• Simple deployment and survival mechanisms: Most archetypes can easily be rolled-up, packaged, and stowed, when need be, for deployment and ocean storm avoidance.
  • Reduced maintenance schedules: The distributed embedded energy converters within a DEEC-Tec structure can also act as sensors throughout that entire structure. The need for maintenance, therefore, can be handled in real time, based on the information those transducers are sending to monitors.
  • Near-continuous structural control and adaptation: Actively engaging nearly every distributed embedded energy converter via power electronic control systems allowing them to act, therefore, as either a generator (damping structural deformation), or an actuator (energizing structural deformation), thereby enabling the alteration of a DEEC-Tec structure’s form in real time.
  • Unique and highly impactful opportunities for co-design: For example, conceptualizing a DEEC-Tec structure’s form and flexible characteristics can occur directly alongside the development of the structure’s active control systems and manufacturing requirements.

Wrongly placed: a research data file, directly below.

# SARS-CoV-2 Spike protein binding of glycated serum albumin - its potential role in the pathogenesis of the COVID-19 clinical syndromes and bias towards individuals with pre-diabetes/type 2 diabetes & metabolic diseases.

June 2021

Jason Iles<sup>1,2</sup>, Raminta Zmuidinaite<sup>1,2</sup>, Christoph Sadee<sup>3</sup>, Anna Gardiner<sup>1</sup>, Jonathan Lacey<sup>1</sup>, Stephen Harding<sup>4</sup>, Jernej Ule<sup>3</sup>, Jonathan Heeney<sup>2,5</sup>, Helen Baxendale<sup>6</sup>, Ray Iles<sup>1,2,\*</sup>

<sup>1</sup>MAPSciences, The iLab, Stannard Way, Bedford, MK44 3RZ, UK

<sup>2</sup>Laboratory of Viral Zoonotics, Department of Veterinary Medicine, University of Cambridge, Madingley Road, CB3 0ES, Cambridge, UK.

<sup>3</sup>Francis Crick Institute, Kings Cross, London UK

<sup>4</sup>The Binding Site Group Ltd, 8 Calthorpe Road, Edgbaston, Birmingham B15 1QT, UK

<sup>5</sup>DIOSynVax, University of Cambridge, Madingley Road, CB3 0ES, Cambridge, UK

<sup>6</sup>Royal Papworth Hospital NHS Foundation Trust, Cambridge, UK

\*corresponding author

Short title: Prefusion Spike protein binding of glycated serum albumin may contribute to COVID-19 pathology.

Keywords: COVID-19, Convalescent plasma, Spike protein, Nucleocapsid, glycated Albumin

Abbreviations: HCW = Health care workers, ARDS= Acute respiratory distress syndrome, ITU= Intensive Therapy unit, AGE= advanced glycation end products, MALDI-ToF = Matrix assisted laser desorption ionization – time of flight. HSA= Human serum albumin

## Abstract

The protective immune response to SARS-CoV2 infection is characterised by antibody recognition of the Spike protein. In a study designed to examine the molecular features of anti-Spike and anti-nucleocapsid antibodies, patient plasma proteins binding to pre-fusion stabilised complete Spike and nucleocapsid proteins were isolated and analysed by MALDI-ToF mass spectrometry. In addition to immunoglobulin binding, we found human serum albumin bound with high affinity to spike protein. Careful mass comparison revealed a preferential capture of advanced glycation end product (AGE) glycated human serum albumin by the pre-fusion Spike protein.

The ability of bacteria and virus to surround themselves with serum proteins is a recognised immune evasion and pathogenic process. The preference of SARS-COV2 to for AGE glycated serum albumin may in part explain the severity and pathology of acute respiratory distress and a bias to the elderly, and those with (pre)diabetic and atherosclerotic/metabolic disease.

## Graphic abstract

Challenges

Current challenges associated with the DEEC-Tec domain include proper material(s) design for fatigue minimization, optimal geometry composition, and power conversion efficiencies, as well as individual transducer unit design and embedment configurations.

With the broad scope of many design options (e.g., co-designing for the development of DEEC-Tec geometry, transducer arrangements, and active control strategies), there are many reasons to be optimistic about resolving the currently identified DEEC-Tec challenges.

Publications

Prototype and Codesign of Nascent Flexible Wave Energy Converter Concepts, NREL Presentation (2021)

Internal Report on Evaluation of Cost and Performance Drivers: Key Cost and Performance Drivers Identified and Approximately Quantified, NREL Technical Report (2019)

Contacts

Blake Boren

Researcher IV-Model Engineering

Blake.Boren@nrel.gov

Jochem Weber

Chief Engineer

Jochem.Weber@nrel.gov